A moment with Chad Sarno, raw foods chef, teacher, and head of the new kitchen at Spirit New York in Manhattan.
Q: So Chad, what have you been up to lately?
A: I’m involved in this amazing new entertainment venue called Spirit New York. There are three separate parts of Spirit: Body, Mind, and Soul. Mind is the holistic center. It has seven different healing rooms focused on the chakra system, the Eastern philosophy of the seven energy centers of the body; all rooms offer a different type of healing work. Body is the nightclub, and Soul is the restaurant, where I’m the executive chef.
Q: Sounds like a unique mix—and not much like a nightclub. Can you describe a Saturday night at Spirit?
A: We’re really trying to change the perception of what nightclubs are in the city. On Saturday night, all three places open up at 8 p.m. Even the holistic center is open until 3 a.m.; its doors are open, you can hear the music from the club, and you can get 15-minute healing sessions. You can order off the raw tasting menu from Soul and drink an herbal elixir while you’re waiting for your Tarot card reading or your massage. Then you can go downstairs and watch Rapture, an aerial performance act that starts at midnight.
Q: You’re vegan. Is the menu at Soul vegan?
A: About half of the menu is raw or vegan. My partner in the restaurant, Jeremy Griffith, an amazing three-star chef, is heading up the cooked menu; I’m heading up the raw menu. Eventually, my ultimate goal for this place is to transform it to be mostly, if not all, raw and vegan foods. I want to make it the ultimate vegan dining experience in the city.
Q: Is it difficult for you to offer nonvegan fare?
A: It was at first, but I’ve really come to terms with it. When I came into this project, I was militant with my beliefs. I wanted it to be all raw foods. I was a purist, and that was the way I walked my path. But I’ve learned a lot about freeing up judgments and being able to break down some barriers that I didn’t know I had. At Spirit, we’re acting as a world-bridging facility. In order to infuse an organic lifestyle more into the mainstream, it needs to come through a mainstream lifestyle.
Q: What are some highlights on the menu?
A: It’s a rotating menu, and we’re trying to stick to mostly organic foods, based on availability. For raw foods, we’ve got vegetarian sushi maki with parsnip rice, wasabi, and papaya shoyu. Then we have stuffed baby portobellos with pistachio pesto and sun-dried tomato aioli.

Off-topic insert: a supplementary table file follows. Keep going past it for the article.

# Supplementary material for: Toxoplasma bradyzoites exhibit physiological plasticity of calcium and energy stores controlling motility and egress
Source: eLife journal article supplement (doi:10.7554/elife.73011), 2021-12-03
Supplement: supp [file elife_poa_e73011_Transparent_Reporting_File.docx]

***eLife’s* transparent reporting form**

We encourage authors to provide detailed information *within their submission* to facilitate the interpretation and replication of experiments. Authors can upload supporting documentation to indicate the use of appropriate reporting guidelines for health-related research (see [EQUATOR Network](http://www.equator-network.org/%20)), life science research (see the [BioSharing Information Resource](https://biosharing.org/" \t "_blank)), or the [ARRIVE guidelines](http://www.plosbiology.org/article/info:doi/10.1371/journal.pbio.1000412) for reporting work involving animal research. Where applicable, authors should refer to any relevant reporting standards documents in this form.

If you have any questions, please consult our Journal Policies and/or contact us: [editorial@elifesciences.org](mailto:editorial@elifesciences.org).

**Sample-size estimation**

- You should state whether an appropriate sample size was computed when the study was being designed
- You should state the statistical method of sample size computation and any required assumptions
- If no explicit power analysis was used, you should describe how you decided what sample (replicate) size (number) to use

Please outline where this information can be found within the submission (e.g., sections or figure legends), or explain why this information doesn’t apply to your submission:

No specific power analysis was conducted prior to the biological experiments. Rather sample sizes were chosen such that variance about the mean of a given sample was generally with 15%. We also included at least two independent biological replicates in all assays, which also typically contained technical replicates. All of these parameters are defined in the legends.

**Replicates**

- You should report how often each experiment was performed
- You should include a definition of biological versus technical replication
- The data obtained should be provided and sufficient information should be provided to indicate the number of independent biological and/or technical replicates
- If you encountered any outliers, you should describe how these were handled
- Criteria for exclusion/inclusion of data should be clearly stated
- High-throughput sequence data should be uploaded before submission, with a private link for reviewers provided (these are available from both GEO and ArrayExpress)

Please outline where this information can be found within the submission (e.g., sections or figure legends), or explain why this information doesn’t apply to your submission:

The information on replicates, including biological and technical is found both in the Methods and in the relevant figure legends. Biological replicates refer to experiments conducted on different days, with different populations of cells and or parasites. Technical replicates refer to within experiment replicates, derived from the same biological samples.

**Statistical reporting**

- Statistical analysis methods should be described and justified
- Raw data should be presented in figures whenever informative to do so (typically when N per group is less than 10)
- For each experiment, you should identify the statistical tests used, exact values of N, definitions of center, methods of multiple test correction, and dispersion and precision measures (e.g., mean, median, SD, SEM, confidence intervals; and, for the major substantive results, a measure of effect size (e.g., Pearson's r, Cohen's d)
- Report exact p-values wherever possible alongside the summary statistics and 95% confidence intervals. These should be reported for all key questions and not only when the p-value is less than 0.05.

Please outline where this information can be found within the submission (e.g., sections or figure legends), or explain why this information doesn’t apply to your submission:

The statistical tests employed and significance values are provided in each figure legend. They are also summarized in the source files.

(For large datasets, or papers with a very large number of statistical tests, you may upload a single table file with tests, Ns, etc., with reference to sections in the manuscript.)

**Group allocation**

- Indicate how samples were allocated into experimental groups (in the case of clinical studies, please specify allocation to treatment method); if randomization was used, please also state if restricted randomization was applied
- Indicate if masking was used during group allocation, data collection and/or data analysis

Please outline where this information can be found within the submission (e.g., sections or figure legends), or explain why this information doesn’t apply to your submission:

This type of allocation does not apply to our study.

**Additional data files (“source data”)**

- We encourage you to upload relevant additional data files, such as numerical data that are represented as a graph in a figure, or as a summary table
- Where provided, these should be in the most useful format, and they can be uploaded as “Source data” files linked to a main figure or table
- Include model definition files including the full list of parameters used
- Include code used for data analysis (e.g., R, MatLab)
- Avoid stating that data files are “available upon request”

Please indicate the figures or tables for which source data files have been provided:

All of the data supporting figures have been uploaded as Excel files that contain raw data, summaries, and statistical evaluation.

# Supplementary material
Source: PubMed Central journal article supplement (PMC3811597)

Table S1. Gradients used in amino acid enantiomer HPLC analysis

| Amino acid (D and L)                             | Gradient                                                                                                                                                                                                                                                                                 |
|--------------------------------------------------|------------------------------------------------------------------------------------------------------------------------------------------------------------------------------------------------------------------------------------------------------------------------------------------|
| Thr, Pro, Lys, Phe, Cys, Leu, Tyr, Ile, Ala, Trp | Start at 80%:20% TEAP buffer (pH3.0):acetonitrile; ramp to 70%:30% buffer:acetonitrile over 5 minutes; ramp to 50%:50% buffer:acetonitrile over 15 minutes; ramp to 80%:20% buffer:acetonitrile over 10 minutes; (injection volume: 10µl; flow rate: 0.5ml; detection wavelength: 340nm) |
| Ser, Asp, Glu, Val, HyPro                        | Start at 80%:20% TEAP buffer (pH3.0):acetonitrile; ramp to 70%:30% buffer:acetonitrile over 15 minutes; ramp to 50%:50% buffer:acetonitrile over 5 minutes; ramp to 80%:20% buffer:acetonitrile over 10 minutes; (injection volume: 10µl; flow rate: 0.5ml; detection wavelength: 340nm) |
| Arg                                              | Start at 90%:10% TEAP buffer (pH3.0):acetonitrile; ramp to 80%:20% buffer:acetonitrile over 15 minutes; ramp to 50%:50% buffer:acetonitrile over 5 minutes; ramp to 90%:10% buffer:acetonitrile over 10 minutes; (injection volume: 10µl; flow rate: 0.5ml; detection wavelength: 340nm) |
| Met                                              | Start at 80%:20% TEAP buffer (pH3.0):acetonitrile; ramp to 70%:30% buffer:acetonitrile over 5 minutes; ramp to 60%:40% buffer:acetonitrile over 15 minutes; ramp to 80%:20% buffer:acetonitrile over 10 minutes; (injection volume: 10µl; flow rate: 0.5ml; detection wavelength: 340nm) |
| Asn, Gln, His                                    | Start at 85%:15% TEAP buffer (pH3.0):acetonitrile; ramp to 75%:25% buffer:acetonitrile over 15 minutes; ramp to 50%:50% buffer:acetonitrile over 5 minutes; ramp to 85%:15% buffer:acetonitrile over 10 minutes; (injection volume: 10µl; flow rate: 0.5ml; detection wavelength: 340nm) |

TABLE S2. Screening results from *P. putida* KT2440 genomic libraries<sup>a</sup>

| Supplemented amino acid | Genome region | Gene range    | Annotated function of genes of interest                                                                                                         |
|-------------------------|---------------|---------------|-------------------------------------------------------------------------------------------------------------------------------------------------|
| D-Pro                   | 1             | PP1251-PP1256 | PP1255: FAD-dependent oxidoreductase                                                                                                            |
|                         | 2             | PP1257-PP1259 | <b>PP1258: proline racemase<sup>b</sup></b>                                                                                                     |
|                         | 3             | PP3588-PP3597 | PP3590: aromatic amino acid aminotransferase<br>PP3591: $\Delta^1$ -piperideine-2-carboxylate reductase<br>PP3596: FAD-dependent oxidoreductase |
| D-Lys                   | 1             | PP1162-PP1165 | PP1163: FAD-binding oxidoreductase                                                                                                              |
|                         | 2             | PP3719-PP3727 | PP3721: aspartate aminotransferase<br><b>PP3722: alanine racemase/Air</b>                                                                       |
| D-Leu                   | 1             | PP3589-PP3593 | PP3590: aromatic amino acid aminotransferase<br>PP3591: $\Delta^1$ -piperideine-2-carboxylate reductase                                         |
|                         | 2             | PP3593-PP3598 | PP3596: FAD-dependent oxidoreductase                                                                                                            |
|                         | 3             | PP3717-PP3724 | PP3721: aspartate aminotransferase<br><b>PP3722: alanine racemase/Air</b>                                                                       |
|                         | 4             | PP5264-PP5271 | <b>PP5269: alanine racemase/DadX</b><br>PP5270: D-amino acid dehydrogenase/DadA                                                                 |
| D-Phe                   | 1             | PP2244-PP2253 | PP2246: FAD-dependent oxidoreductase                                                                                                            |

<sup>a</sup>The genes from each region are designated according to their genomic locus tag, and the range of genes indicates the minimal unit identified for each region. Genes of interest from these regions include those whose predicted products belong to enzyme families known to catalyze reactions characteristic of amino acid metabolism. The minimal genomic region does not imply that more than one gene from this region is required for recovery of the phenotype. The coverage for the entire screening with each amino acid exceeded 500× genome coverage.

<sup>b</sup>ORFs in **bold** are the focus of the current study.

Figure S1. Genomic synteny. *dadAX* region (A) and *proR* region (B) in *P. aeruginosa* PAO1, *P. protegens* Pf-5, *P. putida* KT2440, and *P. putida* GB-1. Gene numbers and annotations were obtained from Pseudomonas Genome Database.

Q: Sounds delicious. Have New Yorkers been open to the idea of raw foods?
A: I’m trying to change the whole stereotype of raw foods cuisine. People think it’s just crudités. I want to show people that you can eat raw foods and be comforted on every level; you can feed your emotional body. It doesn’t have to be cold—that’s what pushes people away. We serve foods warm on warm plates.
Q: How do you deal with all the stress of managing such a large kitchen?
A: Actually, the only stress that I have to deal with is other people’s stress. As for myself, I have a daily practice of meditation and yoga, and I walk a healthy lifestyle path. So I keep calm through it all. I take moments to breathe. I like keeping a very sane kitchen.
Q: What else do you do in addition to this gig?
A: I’m a teacher. Before I came to New York I had my own school and I traveled and trained chefs in raw cuisine. Once we’ve got everything fine-tuned here in New York, we’ve talked about this being a base for a raw foods culinary school. We really want it to be an all-around educational and enlightening experience.
Q: What’s your ultimate vision for Spirit New York?
A: As we try to infuse the mainstream with healthy living, we need to be shape-shifters. I also hope that we’ll have some really profound spiritual speakers come here. Maybe the Dalai Lama will even come here some day and shake his booty a little bit, eat off the menu, and hold a meditation course with 3,000 or 4,000 people. That would be phenomenal.